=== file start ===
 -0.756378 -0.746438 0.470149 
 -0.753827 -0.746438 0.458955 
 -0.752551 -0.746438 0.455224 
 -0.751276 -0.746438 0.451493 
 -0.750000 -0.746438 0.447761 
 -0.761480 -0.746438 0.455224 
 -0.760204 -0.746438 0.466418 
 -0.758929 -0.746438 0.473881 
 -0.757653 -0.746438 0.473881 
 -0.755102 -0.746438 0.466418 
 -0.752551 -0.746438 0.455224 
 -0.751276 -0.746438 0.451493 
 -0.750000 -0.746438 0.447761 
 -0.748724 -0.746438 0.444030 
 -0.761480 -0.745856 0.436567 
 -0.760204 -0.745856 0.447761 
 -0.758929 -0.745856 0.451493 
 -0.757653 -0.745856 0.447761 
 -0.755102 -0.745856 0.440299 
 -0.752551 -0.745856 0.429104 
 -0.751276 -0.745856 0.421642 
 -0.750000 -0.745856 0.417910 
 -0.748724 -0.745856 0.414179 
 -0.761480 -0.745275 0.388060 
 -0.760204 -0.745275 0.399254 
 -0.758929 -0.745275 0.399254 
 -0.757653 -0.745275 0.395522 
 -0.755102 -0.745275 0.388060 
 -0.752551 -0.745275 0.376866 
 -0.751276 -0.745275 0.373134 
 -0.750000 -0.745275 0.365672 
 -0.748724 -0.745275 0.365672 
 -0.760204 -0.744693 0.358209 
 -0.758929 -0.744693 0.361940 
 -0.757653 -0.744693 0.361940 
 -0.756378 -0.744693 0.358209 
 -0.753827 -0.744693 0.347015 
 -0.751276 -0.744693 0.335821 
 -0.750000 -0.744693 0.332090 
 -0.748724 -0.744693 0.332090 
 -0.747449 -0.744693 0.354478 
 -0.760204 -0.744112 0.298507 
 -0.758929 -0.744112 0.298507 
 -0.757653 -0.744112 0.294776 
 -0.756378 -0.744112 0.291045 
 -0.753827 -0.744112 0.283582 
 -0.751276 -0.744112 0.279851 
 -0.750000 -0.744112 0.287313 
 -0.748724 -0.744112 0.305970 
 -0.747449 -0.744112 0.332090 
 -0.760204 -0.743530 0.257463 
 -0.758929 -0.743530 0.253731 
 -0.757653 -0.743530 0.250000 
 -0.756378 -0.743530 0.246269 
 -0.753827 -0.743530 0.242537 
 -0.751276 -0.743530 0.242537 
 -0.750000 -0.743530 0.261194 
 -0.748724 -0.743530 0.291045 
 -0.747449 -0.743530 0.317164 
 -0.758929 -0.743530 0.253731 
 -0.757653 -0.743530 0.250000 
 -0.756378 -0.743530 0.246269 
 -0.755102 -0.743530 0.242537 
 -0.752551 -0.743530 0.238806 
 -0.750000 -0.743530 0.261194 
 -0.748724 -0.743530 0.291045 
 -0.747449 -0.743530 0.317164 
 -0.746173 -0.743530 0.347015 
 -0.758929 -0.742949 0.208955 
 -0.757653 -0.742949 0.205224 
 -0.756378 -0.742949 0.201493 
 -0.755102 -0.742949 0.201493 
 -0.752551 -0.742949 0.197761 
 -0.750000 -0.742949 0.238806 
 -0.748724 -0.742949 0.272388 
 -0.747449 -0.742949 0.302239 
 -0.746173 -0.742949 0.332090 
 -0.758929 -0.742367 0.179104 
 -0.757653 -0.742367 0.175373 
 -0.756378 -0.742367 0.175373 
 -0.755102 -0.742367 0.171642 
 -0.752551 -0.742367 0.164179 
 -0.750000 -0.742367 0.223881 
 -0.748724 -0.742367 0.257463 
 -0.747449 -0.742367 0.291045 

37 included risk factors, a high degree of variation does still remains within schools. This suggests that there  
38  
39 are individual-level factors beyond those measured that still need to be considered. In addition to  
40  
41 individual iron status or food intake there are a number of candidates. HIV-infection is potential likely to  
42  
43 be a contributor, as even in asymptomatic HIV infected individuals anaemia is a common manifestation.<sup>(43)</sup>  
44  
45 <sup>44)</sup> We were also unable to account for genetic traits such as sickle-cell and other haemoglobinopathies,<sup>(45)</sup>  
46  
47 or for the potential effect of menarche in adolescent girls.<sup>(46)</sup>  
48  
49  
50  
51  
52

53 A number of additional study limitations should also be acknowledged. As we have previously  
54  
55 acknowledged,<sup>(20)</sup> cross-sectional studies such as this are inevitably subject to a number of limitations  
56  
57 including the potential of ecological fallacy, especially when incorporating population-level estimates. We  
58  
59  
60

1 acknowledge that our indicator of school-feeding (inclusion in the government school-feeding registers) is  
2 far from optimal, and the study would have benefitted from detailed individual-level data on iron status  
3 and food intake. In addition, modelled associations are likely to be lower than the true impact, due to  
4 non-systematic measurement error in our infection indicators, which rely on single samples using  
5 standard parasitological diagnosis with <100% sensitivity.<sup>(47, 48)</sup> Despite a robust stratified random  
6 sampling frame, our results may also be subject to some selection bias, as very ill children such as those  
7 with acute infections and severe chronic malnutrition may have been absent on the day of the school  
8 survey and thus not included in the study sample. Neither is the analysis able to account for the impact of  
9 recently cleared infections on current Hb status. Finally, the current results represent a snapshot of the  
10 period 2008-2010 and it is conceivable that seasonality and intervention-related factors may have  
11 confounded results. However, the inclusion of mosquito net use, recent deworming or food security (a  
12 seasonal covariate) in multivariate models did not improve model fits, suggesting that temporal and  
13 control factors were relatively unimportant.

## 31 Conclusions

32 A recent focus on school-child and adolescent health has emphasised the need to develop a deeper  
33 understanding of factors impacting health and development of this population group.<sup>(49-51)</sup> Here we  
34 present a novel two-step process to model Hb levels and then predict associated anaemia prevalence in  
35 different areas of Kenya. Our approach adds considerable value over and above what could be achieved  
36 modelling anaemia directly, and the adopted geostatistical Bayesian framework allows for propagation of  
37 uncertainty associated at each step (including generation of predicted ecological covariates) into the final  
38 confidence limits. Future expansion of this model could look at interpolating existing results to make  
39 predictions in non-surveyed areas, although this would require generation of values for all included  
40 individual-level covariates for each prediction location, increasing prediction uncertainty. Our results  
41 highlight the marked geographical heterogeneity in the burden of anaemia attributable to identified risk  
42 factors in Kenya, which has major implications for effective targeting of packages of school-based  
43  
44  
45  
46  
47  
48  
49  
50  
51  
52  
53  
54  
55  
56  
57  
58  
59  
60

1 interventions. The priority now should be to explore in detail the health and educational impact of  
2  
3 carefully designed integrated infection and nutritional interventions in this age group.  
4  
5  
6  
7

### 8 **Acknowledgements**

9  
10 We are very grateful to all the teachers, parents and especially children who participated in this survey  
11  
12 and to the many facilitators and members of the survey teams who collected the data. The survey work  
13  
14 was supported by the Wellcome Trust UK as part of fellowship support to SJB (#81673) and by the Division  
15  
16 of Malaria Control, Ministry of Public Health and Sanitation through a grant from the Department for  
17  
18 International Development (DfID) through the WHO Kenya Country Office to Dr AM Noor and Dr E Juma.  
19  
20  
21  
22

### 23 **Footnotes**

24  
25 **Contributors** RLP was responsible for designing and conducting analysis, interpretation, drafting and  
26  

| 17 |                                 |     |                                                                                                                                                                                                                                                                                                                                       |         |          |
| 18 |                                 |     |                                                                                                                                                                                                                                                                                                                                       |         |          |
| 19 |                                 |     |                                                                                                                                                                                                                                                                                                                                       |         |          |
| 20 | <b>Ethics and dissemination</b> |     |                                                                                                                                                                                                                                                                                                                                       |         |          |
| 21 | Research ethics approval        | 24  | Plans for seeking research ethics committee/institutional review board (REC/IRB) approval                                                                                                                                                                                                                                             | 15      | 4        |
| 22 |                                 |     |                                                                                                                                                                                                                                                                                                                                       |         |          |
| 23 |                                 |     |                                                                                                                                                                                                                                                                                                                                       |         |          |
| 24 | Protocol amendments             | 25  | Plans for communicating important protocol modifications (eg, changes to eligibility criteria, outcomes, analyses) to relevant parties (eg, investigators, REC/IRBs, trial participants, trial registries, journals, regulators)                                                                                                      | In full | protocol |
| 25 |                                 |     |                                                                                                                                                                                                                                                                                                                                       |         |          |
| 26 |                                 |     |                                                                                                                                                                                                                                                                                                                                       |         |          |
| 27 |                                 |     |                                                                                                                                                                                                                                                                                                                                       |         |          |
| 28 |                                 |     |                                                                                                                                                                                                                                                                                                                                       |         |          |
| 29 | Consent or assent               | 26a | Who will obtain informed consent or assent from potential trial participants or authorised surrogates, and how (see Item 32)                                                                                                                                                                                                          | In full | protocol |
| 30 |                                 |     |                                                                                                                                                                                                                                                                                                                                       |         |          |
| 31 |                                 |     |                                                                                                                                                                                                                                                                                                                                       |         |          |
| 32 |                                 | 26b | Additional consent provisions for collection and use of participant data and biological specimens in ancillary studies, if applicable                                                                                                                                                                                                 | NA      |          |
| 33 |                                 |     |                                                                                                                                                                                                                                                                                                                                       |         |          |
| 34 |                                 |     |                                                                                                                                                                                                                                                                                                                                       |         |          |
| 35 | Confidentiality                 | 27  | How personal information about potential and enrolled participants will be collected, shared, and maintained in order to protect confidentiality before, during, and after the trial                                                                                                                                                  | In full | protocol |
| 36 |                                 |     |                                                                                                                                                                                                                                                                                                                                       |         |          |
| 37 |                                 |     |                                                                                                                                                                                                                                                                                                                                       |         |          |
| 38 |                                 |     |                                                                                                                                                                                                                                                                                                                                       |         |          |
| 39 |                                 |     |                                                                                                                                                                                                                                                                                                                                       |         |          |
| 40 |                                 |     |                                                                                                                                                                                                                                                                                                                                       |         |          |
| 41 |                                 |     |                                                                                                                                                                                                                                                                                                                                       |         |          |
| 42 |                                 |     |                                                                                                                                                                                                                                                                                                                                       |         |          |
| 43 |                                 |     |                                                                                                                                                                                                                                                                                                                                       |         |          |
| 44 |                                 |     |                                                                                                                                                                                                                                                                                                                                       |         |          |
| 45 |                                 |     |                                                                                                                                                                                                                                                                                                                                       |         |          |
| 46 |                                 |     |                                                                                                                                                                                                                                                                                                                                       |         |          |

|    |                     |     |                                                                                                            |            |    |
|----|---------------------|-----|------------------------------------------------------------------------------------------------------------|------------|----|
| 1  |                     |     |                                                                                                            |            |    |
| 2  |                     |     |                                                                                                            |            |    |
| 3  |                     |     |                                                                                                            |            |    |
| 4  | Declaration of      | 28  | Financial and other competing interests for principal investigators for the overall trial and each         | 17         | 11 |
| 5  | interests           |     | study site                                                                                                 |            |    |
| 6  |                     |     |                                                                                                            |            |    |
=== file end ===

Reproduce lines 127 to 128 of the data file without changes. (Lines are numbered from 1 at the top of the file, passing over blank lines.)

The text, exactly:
35 different areas of Kenya. Our approach adds considerable value over and above what could be achieved  
36 modelling anaemia directly, and the adopted geostatistical Bayesian framework allows for propagation of  